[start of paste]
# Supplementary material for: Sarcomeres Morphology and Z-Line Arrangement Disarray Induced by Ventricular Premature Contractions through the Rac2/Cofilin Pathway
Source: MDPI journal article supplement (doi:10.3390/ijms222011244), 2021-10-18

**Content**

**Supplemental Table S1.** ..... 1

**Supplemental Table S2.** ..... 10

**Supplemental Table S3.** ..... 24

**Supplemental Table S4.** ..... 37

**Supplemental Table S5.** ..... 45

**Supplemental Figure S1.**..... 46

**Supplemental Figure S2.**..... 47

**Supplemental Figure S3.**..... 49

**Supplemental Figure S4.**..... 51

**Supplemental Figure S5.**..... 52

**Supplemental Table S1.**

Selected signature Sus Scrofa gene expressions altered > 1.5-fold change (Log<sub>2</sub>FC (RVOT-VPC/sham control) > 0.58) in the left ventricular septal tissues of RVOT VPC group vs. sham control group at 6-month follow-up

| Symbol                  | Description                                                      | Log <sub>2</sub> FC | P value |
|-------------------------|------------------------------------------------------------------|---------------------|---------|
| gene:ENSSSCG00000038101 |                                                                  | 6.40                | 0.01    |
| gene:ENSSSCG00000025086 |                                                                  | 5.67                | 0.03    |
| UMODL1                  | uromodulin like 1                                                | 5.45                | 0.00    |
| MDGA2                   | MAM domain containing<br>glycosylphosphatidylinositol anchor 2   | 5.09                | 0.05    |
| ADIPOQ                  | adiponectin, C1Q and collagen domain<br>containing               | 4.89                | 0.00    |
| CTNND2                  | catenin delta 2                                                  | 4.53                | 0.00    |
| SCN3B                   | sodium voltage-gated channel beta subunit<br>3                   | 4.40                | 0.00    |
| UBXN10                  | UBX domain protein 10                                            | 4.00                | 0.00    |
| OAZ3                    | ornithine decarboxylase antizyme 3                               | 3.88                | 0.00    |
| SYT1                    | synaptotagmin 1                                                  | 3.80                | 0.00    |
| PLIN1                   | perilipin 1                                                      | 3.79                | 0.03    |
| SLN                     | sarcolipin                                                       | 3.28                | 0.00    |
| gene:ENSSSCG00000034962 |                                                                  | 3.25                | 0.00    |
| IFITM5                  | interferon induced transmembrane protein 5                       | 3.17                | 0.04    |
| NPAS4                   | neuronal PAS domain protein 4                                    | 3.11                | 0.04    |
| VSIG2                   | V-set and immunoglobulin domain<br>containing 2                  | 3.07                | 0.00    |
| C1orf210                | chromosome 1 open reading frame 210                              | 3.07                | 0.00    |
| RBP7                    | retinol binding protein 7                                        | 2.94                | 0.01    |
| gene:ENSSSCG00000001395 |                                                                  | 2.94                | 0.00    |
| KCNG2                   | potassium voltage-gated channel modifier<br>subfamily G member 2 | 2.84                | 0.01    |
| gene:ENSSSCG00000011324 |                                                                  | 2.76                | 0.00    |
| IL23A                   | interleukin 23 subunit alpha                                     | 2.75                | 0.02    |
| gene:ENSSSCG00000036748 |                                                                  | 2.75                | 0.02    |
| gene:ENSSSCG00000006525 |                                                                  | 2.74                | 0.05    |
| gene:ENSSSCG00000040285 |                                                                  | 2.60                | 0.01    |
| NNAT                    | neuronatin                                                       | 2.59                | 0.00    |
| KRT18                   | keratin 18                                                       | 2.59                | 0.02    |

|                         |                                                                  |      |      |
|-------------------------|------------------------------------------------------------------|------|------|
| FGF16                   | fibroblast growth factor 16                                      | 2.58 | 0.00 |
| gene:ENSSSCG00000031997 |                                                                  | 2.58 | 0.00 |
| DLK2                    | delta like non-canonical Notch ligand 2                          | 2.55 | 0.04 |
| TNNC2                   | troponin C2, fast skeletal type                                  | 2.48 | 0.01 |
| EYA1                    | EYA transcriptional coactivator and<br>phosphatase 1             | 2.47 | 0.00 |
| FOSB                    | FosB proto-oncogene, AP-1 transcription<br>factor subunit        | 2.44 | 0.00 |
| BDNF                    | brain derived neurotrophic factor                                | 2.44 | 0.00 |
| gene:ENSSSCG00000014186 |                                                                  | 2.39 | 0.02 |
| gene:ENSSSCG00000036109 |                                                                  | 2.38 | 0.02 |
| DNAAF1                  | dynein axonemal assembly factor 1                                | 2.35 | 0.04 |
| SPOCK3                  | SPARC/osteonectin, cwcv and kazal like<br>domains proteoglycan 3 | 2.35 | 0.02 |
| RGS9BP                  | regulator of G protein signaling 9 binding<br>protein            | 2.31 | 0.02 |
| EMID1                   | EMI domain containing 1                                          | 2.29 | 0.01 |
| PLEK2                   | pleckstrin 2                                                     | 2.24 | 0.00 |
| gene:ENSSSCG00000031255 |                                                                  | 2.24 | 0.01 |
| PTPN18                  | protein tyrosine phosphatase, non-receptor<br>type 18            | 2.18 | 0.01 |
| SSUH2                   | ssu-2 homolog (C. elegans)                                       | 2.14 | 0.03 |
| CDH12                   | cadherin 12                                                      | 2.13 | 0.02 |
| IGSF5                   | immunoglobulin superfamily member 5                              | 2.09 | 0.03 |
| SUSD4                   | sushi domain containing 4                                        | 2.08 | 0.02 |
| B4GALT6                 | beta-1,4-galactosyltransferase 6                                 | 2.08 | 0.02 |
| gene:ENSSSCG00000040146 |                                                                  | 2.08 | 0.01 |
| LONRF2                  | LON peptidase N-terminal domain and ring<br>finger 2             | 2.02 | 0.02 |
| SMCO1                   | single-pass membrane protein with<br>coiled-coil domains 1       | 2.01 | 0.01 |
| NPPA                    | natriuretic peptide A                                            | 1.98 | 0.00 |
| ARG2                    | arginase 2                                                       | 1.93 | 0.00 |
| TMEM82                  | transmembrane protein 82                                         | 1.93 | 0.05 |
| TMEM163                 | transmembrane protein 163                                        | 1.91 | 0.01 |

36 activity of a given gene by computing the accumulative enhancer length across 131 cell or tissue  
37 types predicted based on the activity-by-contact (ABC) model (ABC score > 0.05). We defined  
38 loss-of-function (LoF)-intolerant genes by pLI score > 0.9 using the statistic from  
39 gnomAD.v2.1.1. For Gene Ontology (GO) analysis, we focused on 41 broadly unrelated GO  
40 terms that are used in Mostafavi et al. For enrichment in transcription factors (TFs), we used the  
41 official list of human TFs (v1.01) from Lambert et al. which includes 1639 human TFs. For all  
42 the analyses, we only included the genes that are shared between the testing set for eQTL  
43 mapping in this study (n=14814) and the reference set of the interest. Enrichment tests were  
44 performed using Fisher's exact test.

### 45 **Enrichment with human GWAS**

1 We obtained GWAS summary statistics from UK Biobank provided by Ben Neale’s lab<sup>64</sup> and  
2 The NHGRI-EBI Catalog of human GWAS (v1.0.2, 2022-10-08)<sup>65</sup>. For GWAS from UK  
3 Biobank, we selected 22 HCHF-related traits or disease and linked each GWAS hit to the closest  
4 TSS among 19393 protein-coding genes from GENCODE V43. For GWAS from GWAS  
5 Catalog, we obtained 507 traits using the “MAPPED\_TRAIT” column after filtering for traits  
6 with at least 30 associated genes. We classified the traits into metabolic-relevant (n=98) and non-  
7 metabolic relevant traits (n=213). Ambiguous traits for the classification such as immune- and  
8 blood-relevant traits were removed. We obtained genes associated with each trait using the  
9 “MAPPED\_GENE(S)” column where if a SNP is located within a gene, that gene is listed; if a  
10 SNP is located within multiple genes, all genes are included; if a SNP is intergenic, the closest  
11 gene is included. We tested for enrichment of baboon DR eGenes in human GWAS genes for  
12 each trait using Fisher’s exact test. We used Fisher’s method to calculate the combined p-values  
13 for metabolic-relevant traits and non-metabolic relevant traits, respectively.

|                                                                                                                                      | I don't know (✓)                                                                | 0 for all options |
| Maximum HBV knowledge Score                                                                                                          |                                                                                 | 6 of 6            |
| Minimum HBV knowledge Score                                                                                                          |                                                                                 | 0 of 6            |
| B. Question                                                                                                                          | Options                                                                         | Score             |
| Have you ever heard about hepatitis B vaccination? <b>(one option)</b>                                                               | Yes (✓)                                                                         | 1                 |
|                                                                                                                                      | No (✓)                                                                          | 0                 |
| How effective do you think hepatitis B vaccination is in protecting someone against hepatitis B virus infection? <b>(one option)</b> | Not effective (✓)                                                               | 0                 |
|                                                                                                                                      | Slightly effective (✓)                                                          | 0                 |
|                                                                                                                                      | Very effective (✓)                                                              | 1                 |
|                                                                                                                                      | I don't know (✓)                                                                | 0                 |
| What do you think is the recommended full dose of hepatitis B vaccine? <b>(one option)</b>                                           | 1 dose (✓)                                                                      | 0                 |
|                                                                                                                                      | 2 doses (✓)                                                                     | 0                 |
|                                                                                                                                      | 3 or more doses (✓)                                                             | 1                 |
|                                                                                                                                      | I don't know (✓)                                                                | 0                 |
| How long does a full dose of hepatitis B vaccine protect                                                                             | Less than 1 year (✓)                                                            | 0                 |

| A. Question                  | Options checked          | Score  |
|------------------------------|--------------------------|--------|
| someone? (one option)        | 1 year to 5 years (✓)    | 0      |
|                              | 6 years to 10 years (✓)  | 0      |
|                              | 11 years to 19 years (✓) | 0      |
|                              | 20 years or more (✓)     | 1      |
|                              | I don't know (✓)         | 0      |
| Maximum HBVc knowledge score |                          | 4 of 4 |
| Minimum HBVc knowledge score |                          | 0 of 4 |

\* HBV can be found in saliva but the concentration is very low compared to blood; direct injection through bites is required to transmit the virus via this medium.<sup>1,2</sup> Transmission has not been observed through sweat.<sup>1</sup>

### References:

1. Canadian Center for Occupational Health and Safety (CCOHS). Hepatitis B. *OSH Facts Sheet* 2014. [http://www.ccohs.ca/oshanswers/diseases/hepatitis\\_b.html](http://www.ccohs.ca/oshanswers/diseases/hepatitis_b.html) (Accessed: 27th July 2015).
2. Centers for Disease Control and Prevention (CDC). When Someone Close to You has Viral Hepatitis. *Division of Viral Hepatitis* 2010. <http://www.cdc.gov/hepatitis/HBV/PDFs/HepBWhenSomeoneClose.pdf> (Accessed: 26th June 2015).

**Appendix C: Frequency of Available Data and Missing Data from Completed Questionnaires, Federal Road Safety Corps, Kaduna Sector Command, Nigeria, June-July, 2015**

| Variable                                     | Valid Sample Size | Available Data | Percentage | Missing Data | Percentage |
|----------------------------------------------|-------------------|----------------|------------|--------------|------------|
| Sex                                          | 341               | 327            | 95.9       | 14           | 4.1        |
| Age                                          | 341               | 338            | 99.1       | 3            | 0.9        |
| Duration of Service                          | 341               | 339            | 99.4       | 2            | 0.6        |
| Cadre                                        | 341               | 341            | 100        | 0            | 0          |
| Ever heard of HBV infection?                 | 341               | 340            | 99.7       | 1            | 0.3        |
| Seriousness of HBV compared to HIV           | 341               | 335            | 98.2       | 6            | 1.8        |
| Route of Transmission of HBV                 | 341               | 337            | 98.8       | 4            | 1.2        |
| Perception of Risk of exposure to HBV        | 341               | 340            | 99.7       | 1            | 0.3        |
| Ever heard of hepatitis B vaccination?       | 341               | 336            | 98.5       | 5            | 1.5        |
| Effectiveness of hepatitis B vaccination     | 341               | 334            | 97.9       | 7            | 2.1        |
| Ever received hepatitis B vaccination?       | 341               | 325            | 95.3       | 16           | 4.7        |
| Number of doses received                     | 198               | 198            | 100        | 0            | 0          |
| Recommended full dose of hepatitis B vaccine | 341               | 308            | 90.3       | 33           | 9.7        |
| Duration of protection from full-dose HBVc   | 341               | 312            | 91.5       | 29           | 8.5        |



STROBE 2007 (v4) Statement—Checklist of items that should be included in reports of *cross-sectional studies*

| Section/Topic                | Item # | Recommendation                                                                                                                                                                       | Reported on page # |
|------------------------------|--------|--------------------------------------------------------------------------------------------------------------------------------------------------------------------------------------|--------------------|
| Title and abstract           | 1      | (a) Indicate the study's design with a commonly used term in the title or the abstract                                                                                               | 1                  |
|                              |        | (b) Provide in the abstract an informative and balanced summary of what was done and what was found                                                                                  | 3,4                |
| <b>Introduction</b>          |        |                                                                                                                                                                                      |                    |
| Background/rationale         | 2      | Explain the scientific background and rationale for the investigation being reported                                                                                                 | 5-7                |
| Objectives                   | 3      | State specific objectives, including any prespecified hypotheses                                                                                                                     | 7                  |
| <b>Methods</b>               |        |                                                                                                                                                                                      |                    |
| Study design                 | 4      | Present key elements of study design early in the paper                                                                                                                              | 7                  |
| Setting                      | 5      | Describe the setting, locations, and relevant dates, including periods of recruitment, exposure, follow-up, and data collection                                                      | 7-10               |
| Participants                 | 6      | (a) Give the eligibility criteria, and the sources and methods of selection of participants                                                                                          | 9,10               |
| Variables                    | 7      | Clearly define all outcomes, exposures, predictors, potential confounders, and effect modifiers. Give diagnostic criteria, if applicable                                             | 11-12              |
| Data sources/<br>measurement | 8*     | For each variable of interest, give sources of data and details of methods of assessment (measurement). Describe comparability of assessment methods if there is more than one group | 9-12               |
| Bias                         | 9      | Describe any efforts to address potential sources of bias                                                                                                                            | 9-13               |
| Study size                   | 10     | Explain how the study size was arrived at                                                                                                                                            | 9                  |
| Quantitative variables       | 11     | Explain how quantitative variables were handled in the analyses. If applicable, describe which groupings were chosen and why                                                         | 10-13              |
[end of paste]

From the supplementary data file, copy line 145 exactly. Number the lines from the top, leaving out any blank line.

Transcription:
|------------------------------|--------|--------------------------------------------------------------------------------------------------------------------------------------------------------------------------------------|--------------------|